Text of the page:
RFC 1376 PPP DNCP November 1992 of a PPP Data Link Layer frame where the Protocol field indicates type hex 8027 (DNA Phase IV Control Protocol). Code field Only Codes 1 through 7 (Configure-Request, Configure-Ack, Configure-Nak, Configure-Reject, Terminate-Request, Terminate-Ack and Code-Reject) are used. Other Codes should be treated as unrecognized and should result in Code-Rejects. Timeouts DNCP packets may not be exchanged until PPP has reached the Network-Layer Protocol phase. An implementation should be prepared to wait for Authentication and Link Quality Determination to finish before timing out waiting for a Configure-Ack or other response. It is suggested that an implementation give up only after user intervention or a configurable amount of time. Configuration Option Types DNCP has no Configuration Options. 4. Sending DNA Phase IV Routing Packets Before any DNA Phase IV Routing packets may be communicated, PPP must reach the Network-Layer Protocol phase, and the DNA Phase IV Routing Control Protocol must reach the Opened state. Exactly one octet-count field and one DNA Phase IV Routing packet are encapsulated in the information field of a PPP Data Link Layer frame where the Protocol field indicates type hex 0027 (DNA Phase IV Routing). The octet-count contains a count of the number of octets in the DNA Phase IV Routing packet. It is two octets in length itself, and is stored in VAX byte ordering, to be more consistent with DNA Phase IV Routing over Ethernet (i.e. least significant byte first). It is needed to disambiguate optional padding octets from real information. The maximum length of an DNA Phase IV Routing packet transmitted over a PPP link is the same as the maximum length of the Information field of a PPP data link layer frame minus 2 octets (for the Length field). The format of the packets themselves is the same as the format used over Ethernet, without the Ethernet header, Pad, and FCS fields. A summary of the information field is shown below. The fields are transmitted from left to right. Senum [Page 4]
RFC 1376 PPP DNCP November 1992 0 1 2 3 0 1 2 3 4 5 6 7 8 9 0 1 2 3 4 5 6 7 8 9 0 1 2 3 4 5 6 7 8 9 0 1 +-+-+-+-+-+-+-+-+-+-+-+-+-+-+-+-+-+-+-+-+-+-+-+-+-+-+-+-+-+-+-+-+ | Length LSB | Length MSB | DATA | ... | +-+-+-+-+-+-+-+-+-+-+-+-+-+-+-+-+-+-+-+-+-+-+-+-+-+-+-+-+-+-+-+-+ | ... | +-+-+-+-+-+-+-+-+-+-+-+-+-+-+-+-+-+-+-+-+-+-+-+-+-+-+-+-+-+-+-+-+ Length LSB Least significant byte of length field Length MSG Most significant byte of length field DATA DNA Phase IV Routing data, as specified in [2] 5. General Considerations When a topology change in the network occurs, DNA Phase IV Routing nodes immediately propagate changes via Level 1 and Level 2 Routing messages, with a 1 second minimum delay between updates. DNA Phase IV Routing nodes also periodically retransmit the complete Level 1 and Level 2 distance vectors to guard against data corruption in host memory, and (in the case of Ethernet) loss of packets due to media errors. Because Digital's serial links run a protocol that guarantees delivery of packets (DDCMP), the recommended default retransmit time is long (600 seconds), whereas for Ethernet, where packet delivery is not guaranteed, the recommended default is short (10 seconds), as documented in [2]. To achieve convergence of routes within a satisfactory time, the interval between updates should be based upon the error rate of underlying data link. As such, it is recommended that the time between routing updates be user configurable per PPP interface. The Hello timer and Listen timer should be set according to the recommendations for broadcast links (15 and 45 seconds, respectively). Routers are not required to send routing updates if the remote node connected via the PPP link is an endnode. Endnodes are required to discard all routing updates received over a PPP link. The type of a node (endnode versus routing) can be determined from the hello messages received from it. Senum [Page 5]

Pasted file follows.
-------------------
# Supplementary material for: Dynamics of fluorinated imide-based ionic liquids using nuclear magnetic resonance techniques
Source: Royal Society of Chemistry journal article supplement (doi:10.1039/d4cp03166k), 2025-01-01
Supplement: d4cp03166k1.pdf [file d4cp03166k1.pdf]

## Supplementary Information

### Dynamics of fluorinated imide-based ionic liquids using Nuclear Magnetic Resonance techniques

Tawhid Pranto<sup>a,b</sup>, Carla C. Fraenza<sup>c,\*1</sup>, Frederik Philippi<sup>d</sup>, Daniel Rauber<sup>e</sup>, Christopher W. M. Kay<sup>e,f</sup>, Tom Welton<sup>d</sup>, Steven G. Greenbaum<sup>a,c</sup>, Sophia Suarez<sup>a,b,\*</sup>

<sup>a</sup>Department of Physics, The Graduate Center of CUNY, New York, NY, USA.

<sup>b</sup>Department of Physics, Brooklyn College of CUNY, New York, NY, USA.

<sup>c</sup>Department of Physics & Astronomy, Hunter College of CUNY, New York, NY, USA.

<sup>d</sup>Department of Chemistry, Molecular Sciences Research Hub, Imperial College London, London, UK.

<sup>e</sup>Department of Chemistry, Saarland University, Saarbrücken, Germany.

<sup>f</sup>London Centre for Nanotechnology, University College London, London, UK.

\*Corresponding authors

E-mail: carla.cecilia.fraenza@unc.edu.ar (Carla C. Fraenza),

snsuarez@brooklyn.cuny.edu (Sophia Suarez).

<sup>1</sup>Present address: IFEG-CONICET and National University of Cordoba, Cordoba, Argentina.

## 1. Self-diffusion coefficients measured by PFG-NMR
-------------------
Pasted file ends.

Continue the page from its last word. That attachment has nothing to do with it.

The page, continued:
RFC 1376 PPP DNCP November 1992 References [1] Simpson, W., "The Point-to-Point Protocol (PPP)", RFC 1331, Daydreamer, May 1992. [2] Digital Equipment Corporation, "DNA Routing Layer Functional Specification", Version 2.0.0, Order No. AA-X435A-TK. [3] Digital Equipment Corporation, "DNA Maintenance Operations Functional Specification", Version 3.0.0, Order No. AA-X436A-TK. Acknowledgments Some of the text in this document is taken from previous documents produced by the Point-to-Point Protocol Working Group of the Internet Engineering Task Force (IETF). The author wishes to thank Jim Muchow (Network Systems Corporation), and Arthur Harvey (Digital Equipment Corporation) for their input to this memo. Security Considerations Security issues are not discussed in this memo. Chair's Address The working group can be contacted via the current chair: Brian Lloyd Lloyd & Associates 3420 Sudbury Road Cameron Park, California 95682 Phone: (916) 676-1147 EMail: brian@lloyd.com Author's Address Questions about this memo can also be directed to the author: Steven J. Senum Network Systems Corporation 7600 Boone Avenue North Minneapolis, Minnesota 55428 Phone: (612) 424-4888 EMail: sjs@network.com Senum [Page 6]